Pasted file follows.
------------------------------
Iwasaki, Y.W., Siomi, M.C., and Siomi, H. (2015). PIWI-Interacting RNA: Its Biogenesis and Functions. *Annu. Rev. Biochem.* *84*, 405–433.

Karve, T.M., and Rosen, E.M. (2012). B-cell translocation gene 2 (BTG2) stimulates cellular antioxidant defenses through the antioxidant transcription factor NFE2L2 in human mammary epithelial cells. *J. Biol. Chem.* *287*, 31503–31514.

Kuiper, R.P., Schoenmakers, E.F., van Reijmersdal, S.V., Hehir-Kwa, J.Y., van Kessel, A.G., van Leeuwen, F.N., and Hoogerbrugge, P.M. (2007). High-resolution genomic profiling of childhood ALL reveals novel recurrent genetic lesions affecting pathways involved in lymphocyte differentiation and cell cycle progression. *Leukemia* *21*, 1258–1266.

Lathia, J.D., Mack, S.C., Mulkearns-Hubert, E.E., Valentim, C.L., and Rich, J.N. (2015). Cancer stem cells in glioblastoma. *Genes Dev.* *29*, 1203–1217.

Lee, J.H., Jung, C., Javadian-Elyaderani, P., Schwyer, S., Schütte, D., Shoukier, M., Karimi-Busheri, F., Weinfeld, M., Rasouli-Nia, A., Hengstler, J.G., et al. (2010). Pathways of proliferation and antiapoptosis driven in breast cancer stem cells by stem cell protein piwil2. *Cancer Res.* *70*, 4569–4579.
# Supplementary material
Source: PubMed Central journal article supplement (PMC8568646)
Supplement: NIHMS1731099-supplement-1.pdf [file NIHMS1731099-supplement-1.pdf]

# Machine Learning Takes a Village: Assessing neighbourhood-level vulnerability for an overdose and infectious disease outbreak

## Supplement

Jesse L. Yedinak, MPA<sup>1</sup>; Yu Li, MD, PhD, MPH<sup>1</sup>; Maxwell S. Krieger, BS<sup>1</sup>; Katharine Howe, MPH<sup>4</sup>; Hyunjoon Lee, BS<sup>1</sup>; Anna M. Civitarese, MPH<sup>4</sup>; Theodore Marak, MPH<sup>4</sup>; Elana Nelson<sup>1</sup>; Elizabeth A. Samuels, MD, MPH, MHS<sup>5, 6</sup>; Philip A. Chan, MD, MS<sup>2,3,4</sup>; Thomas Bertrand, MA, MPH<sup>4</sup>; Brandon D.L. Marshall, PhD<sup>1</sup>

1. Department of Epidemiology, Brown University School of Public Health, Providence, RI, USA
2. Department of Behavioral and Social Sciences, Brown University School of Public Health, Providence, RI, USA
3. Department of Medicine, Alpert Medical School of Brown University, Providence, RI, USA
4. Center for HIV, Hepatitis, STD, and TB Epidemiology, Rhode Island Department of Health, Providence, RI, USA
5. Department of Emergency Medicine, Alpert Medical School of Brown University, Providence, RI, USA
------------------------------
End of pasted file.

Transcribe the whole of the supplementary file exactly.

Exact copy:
Iwasaki, Y.W., Siomi, M.C., and Siomi, H. (2015). PIWI-Interacting RNA: Its Biogenesis and Functions. *Annu. Rev. Biochem.* *84*, 405–433.

Karve, T.M., and Rosen, E.M. (2012). B-cell translocation gene 2 (BTG2) stimulates cellular antioxidant defenses through the antioxidant transcription factor NFE2L2 in human mammary epithelial cells. *J. Biol. Chem.* *287*, 31503–31514.

Kuiper, R.P., Schoenmakers, E.F., van Reijmersdal, S.V., Hehir-Kwa, J.Y., van Kessel, A.G., van Leeuwen, F.N., and Hoogerbrugge, P.M. (2007). High-resolution genomic profiling of childhood ALL reveals novel recurrent genetic lesions affecting pathways involved in lymphocyte differentiation and cell cycle progression. *Leukemia* *21*, 1258–1266.

Lathia, J.D., Mack, S.C., Mulkearns-Hubert, E.E., Valentim, C.L., and Rich, J.N. (2015). Cancer stem cells in glioblastoma. *Genes Dev.* *29*, 1203–1217.

Lee, J.H., Jung, C., Javadian-Elyaderani, P., Schwyer, S., Schütte, D., Shoukier, M., Karimi-Busheri, F., Weinfeld, M., Rasouli-Nia, A., Hengstler, J.G., et al. (2010). Pathways of proliferation and antiapoptosis driven in breast cancer stem cells by stem cell protein piwil2. *Cancer Res.* *70*, 4569–4579.
# Supplementary material
Source: PubMed Central journal article supplement (PMC8568646)
Supplement: NIHMS1731099-supplement-1.pdf [file NIHMS1731099-supplement-1.pdf]

# Machine Learning Takes a Village: Assessing neighbourhood-level vulnerability for an overdose and infectious disease outbreak

## Supplement

Jesse L. Yedinak, MPA<sup>1</sup>; Yu Li, MD, PhD, MPH<sup>1</sup>; Maxwell S. Krieger, BS<sup>1</sup>; Katharine Howe, MPH<sup>4</sup>; Hyunjoon Lee, BS<sup>1</sup>; Anna M. Civitarese, MPH<sup>4</sup>; Theodore Marak, MPH<sup>4</sup>; Elana Nelson<sup>1</sup>; Elizabeth A. Samuels, MD, MPH, MHS<sup>5, 6</sup>; Philip A. Chan, MD, MS<sup>2,3,4</sup>; Thomas Bertrand, MA, MPH<sup>4</sup>; Brandon D.L. Marshall, PhD<sup>1</sup>

1. Department of Epidemiology, Brown University School of Public Health, Providence, RI, USA
2. Department of Behavioral and Social Sciences, Brown University School of Public Health, Providence, RI, USA
3. Department of Medicine, Alpert Medical School of Brown University, Providence, RI, USA
4. Center for HIV, Hepatitis, STD, and TB Epidemiology, Rhode Island Department of Health, Providence, RI, USA
5. Department of Emergency Medicine, Alpert Medical School of Brown University, Providence, RI, USA